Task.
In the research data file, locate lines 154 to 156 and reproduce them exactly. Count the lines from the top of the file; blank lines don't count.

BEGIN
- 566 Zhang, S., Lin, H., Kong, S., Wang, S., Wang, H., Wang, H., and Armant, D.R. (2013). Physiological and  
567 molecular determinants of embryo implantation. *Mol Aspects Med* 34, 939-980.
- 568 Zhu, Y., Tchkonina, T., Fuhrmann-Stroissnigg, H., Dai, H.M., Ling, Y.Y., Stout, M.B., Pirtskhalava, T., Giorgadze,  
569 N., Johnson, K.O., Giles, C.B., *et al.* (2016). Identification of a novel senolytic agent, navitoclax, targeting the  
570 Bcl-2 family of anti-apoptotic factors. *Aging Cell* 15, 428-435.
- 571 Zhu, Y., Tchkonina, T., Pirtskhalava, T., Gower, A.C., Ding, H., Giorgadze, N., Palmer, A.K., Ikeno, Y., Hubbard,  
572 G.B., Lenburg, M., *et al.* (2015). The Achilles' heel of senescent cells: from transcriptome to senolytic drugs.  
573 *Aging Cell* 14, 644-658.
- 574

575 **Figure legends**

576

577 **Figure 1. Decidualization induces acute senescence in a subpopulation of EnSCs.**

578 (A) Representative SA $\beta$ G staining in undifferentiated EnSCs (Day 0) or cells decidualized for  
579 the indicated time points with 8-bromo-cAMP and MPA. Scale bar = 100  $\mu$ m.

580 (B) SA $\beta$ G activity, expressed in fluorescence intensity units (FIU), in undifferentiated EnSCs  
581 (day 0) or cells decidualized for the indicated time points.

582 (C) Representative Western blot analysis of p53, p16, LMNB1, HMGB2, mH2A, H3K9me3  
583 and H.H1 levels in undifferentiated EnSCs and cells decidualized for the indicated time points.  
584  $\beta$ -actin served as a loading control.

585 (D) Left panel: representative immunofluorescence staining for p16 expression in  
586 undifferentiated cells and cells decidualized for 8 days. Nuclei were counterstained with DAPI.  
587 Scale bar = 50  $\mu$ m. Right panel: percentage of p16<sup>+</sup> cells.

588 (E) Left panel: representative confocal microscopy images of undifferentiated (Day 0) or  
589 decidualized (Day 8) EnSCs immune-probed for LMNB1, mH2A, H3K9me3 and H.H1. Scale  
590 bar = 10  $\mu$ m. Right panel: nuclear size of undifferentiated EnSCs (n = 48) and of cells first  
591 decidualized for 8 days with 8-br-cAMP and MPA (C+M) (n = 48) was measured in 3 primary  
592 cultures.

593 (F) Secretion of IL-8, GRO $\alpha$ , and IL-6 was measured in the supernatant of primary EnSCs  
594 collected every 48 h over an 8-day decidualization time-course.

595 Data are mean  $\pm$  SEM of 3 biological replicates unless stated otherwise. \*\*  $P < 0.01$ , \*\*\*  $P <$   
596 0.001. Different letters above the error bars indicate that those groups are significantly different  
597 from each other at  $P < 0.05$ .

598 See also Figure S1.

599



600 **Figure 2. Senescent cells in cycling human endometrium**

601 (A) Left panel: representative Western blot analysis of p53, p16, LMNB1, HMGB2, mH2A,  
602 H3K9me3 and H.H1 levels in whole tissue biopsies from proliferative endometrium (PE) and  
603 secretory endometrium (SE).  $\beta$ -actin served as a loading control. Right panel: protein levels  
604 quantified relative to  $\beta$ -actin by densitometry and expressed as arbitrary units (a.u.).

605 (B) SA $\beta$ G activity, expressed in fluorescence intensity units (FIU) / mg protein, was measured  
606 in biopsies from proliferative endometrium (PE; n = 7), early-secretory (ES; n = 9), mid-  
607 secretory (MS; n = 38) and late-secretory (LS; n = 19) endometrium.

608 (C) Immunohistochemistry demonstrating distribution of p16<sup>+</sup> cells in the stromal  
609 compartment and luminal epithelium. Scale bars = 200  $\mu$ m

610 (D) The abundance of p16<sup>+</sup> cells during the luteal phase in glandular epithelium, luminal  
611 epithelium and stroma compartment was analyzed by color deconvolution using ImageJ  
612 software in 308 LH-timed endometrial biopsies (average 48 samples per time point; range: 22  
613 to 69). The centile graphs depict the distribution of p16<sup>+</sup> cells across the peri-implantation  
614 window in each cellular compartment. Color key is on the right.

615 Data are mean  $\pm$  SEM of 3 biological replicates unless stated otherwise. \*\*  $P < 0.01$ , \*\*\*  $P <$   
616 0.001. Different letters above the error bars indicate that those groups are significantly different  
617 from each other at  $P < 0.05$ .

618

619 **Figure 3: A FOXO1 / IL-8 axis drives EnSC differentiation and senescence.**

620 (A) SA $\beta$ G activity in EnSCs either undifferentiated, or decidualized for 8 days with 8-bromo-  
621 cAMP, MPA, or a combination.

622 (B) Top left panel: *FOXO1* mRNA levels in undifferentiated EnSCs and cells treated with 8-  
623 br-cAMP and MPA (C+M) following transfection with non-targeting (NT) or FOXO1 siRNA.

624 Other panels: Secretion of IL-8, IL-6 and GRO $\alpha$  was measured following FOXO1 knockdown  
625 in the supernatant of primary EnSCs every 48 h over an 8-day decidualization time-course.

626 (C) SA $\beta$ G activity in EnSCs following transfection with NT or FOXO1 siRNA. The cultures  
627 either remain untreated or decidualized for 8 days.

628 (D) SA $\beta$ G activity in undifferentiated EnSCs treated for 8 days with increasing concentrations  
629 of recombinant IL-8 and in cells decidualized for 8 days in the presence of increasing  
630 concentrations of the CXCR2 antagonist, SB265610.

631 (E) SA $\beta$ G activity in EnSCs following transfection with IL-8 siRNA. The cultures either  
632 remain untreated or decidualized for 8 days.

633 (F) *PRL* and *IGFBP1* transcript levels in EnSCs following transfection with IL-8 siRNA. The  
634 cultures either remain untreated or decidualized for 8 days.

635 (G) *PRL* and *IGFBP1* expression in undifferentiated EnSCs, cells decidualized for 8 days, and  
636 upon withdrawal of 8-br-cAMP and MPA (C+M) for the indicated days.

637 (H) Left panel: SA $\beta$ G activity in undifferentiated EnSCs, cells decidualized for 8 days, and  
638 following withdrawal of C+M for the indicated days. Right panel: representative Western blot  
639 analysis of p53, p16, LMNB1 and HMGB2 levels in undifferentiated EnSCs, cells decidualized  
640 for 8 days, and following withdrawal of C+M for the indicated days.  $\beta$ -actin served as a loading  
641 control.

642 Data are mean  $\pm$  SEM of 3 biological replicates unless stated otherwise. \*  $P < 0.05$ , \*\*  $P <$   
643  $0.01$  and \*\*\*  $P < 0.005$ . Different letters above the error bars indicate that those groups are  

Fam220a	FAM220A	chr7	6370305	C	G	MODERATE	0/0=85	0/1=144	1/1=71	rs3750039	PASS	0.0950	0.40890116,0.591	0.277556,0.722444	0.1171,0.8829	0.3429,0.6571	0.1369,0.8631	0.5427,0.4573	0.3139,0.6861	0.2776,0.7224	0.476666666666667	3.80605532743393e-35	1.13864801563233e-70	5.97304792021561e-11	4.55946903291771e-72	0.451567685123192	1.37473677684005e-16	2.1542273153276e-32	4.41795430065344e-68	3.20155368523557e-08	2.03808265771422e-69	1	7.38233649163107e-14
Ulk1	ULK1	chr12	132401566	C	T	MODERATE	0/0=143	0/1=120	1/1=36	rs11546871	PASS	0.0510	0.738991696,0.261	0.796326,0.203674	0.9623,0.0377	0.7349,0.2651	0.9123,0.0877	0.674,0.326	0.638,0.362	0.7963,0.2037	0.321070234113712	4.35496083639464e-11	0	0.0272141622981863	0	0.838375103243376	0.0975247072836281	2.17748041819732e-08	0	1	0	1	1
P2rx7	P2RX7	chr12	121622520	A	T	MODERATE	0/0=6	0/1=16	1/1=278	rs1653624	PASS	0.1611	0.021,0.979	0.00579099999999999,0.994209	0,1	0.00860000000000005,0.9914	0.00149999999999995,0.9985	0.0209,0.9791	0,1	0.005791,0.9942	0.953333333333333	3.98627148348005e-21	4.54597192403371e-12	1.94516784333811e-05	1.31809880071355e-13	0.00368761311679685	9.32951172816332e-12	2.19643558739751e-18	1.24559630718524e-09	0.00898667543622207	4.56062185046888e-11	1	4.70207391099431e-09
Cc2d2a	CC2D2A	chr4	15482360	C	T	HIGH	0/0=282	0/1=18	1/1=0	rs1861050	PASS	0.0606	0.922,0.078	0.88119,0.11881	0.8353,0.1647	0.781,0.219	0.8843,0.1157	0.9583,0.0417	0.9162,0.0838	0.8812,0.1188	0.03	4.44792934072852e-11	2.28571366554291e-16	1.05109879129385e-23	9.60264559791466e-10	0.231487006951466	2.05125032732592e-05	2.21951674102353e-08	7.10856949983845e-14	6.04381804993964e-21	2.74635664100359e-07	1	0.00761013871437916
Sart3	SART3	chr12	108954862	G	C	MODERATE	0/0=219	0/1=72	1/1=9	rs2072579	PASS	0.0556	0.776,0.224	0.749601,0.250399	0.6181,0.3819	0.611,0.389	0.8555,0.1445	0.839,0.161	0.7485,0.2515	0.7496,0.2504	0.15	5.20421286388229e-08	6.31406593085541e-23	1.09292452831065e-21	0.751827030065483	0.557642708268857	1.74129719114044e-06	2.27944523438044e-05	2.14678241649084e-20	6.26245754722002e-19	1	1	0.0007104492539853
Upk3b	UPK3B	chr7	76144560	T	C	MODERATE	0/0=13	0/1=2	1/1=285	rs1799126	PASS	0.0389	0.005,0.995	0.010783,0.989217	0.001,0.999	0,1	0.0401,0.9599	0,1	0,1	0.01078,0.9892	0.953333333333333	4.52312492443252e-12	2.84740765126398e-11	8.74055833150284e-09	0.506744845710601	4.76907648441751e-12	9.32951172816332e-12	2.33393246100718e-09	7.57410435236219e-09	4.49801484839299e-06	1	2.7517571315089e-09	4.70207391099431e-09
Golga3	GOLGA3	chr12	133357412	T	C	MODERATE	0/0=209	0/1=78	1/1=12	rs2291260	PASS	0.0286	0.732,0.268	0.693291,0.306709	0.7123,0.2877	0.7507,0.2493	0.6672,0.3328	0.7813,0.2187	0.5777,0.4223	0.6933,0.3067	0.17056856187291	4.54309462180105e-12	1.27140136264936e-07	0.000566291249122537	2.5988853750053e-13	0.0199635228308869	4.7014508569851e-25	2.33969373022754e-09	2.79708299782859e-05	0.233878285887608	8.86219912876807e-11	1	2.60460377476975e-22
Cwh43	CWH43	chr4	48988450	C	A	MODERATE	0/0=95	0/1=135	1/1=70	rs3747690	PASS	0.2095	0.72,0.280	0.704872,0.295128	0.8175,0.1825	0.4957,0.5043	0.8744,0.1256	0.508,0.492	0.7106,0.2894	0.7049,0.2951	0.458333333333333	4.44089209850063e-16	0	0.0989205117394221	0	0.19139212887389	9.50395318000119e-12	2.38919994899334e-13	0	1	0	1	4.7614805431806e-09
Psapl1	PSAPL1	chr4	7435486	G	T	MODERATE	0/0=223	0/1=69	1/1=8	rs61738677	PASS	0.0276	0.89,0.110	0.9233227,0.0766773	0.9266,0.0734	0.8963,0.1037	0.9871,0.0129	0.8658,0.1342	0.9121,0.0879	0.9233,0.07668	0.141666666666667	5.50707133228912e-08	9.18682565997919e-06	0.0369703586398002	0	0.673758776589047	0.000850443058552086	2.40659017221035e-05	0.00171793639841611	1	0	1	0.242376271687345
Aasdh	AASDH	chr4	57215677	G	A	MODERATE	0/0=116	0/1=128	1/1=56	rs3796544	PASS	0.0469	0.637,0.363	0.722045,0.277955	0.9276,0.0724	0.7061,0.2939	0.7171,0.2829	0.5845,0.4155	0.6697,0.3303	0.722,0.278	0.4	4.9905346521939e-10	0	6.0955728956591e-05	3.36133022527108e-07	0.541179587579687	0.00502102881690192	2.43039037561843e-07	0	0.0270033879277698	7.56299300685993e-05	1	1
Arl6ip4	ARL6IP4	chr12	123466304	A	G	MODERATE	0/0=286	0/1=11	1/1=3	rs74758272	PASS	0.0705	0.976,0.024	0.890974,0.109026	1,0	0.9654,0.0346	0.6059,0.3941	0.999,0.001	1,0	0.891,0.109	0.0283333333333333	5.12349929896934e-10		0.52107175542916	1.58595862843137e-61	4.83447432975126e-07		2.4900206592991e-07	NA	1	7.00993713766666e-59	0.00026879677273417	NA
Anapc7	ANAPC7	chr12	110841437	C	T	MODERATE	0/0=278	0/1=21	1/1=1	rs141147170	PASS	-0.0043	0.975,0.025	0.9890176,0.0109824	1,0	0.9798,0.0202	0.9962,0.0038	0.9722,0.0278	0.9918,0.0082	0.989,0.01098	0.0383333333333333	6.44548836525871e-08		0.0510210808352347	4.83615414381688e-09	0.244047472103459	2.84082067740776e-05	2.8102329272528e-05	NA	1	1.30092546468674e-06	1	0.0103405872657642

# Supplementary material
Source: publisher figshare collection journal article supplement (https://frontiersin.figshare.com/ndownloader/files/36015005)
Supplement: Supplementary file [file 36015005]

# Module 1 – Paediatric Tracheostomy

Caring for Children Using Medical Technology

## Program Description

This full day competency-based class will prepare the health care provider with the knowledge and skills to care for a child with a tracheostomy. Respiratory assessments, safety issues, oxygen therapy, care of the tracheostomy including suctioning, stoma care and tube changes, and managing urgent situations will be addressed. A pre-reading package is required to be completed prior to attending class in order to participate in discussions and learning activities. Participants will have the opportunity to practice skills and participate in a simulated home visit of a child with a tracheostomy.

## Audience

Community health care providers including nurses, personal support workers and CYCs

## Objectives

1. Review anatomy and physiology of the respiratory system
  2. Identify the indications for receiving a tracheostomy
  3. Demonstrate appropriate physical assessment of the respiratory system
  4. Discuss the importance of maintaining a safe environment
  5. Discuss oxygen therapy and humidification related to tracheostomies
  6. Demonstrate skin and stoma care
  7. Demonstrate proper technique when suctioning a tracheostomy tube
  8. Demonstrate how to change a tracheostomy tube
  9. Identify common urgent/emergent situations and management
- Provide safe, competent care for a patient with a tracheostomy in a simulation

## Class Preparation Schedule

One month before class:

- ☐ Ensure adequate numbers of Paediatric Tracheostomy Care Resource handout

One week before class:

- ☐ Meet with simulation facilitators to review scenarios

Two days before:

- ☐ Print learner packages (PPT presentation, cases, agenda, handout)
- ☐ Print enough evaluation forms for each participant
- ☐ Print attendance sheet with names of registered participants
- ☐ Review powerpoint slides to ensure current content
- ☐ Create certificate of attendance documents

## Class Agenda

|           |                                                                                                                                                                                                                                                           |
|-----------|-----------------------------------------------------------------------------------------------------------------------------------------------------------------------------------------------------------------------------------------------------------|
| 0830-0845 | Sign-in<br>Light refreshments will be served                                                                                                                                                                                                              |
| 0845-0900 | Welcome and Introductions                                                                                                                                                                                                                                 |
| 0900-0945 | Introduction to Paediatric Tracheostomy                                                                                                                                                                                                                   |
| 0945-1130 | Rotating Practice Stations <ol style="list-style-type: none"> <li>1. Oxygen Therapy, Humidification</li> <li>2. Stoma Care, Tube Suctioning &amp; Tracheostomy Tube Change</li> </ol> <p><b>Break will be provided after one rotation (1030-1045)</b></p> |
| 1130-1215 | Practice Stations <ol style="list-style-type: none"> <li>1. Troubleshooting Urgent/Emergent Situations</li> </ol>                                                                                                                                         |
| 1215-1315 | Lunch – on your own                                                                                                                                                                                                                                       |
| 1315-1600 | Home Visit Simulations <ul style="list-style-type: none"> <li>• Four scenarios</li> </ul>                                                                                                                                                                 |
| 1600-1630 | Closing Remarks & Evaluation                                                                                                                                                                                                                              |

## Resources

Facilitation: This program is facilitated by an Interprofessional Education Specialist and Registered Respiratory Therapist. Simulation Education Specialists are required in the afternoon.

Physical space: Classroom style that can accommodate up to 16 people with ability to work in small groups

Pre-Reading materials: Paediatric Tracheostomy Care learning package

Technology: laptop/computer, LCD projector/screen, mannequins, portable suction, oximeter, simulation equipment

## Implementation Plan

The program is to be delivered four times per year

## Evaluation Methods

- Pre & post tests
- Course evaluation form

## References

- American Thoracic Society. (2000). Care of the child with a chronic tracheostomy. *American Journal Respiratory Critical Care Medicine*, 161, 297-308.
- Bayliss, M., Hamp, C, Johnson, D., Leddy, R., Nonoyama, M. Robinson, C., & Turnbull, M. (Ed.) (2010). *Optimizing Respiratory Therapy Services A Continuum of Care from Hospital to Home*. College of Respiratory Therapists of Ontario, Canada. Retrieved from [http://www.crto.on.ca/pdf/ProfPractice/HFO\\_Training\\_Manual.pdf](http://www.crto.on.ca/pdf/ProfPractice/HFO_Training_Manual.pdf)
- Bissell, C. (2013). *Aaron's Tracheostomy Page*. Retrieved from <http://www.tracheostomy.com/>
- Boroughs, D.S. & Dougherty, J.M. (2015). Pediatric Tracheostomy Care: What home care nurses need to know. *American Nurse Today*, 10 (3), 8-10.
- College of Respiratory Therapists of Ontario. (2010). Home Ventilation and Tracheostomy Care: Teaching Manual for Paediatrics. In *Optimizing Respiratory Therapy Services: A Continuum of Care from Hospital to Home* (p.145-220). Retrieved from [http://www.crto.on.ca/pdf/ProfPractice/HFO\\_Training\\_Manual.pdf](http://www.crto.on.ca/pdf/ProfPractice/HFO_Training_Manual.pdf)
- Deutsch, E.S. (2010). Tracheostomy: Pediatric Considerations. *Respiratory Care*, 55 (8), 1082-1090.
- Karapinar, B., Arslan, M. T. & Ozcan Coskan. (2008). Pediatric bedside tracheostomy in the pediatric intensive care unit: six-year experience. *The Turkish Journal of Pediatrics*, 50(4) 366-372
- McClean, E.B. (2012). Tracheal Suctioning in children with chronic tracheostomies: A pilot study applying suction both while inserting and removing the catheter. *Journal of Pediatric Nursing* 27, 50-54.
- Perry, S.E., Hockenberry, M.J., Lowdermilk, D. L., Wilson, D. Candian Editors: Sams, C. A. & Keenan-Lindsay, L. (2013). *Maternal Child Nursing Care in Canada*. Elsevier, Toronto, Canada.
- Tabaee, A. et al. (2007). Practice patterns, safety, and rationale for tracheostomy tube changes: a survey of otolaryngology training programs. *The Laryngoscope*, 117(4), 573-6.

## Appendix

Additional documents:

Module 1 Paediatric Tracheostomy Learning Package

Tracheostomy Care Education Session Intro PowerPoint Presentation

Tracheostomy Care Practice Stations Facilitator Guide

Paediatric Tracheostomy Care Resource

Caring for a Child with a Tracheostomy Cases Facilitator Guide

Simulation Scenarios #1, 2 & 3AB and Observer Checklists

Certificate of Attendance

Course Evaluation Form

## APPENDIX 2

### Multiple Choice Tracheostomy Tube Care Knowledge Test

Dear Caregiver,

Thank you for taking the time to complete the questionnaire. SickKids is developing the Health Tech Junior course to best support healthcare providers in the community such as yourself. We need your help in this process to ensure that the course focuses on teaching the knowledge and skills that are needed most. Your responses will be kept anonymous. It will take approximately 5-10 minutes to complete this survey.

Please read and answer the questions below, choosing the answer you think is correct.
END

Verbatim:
## Appendix

Additional documents:

Module 1 Paediatric Tracheostomy Learning Package